Social Construction of a Serial Killer

Topics: Crime, Serial killer, Sociology Pages: 6 (1958 words) Published: December 5, 2010
Final Essay

Final Essay: Social Construction of a Serial Killer

By: Kristin D. Cole

Professor A. Major

Deviance and Violence

The social construction of a serial killer can consist of many different behaviors, thoughts, and actions that play out over time. A serial killer in my opinion is one who acts out on his or her impulses. Impulses that are usually made up of fantasies that the individual cannot separate from reality. Most serial killers come from abusive homes and experience traumatic events throughout their lives. I believe that due to these events and abuse serial killers can detach their self emotionally from not only their victims but from what society deems normal. “A large number of serial killings are motivated by sexual urges, and with female serial killers, a large number of the killings are motivated by financial gain” (Hickey 1997, p. 27).

There are many different theories and thoughts they may help to explain serial killers and there murders more in depth. For instance the social structure theory, a theory that focuses on individual’s socioeconomic standing. This theory explains that poor people commit crimes to try to further their financial gain along with their economic standing. I think that this theory explains a lot of criminal acts that occur. I do not think that this theory pertains to every serial killer since it has been shown that most serial killers are not motivated by financial gain. I do however think that it explains quite a bit about our female serial killers. Since a large majority of female serial killers are motivated by financial gain this theory falls right in place.

One female serial killer that comes to mind is the “Black Widow” or Lydia True blood. Lydia was from Pocatello, Idaho and at the age of nineteen met and married land owner Robert C. Dooley. The couple shortly after being married welcomed a baby girl named Lorraine. Everything seemed well until the death of baby Lorraine, soon after her death Lydia’s brother in law who was living with them died as well. Then in October 1915 Robert suddenly died as well from what was believed to be Typhoid. Two years after the death of her baby girl, brother-in-law, and husband Lydia married again. Within a year and a half her then husband William McHaffle died from what was thought to be complications of influenza.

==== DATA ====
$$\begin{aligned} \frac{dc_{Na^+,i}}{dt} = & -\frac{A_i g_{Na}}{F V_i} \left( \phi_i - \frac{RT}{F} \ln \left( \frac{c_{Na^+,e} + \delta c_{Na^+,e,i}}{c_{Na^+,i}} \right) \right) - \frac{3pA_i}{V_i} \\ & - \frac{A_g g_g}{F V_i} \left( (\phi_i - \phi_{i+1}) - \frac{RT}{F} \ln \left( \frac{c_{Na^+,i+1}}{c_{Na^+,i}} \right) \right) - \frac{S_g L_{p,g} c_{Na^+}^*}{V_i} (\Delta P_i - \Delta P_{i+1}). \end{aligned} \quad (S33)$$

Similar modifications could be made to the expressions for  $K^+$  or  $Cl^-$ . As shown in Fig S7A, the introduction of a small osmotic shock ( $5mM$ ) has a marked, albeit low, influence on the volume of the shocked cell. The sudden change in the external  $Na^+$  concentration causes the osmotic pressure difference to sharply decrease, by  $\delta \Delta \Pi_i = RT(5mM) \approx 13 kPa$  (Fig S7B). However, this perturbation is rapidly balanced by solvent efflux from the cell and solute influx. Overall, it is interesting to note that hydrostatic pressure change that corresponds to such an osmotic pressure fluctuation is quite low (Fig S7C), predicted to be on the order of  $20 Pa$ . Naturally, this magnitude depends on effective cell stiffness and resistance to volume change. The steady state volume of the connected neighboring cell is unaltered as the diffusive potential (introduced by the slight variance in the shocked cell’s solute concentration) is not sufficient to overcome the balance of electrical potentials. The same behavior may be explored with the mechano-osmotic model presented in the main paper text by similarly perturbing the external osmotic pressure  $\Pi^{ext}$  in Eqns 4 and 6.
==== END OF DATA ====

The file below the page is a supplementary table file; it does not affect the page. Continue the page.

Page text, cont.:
Being the quick mover that she is, Lydia at the age of 25, married again. Harlan C. Lewis, husband number three died four months into the marriage from what was suspected to be complications of gastro-enteritis. Next, would come Edward C. Meyer a ranch foreman from Pocatello, Idaho. Unfortunately, for him he would only survive with her for one month. Thankfully after four dead husbands someone finally took notice and tested the body where they found traces of arsenic. After they discovered that Edward was poisoned the rest of the bodies were exhumed and tested as well. All came back with the same answer, poison, even the body of her dead baby girl. Authorities went to arrest Lydia but she was long gone, living in Hawaii with her fifth husband Paul Vincent. Lydia was taken into custody and found guilty of all of the murders. She was sentenced to 10 years to life in prison. All of her killings seemed to be motivated by financial gain. Lydia took out life insurance policies on each and every one of her victims. With each husband her social status increased and so did her finances. This was a case where a girl that came from nothing used murder as a tool to get where she wanted to be. Even though the social structure theory does not cover all serial killers there are the exceptions. (Hickey)

Another theory that is looked upon to explain serial killers is the social class theory. The social class theory is the thought that most serial killers fall into two classes the upper working class and the lower working class. Leyton, the author of “Hunting Humans,” then states...

References: 1) Eric W. Hickey (2009) Serial Murderers and Their Victims
Published By: Cengage Learning
2) P. Jenkins (1994) Using Murder: The Social Construction of Serial Homicide
Published By: New York: Aldine de Gruyter
3) Hickey, Eric (1997) Serial Murderers and Their Victims, 2nd edition. Belmont, CA:
Published By: Wadsworth
Read more: Serial Killers - world, body, life, history, rate, time, person, Characteristics of Serial Murder, Characteristics of the Serial Killer
4) Levin, Jack, and James A. Fox. "Serial Murder." In Deadlines: Essays in Murder and Mayhem. Boston: Allyn and Bacon, 2001.
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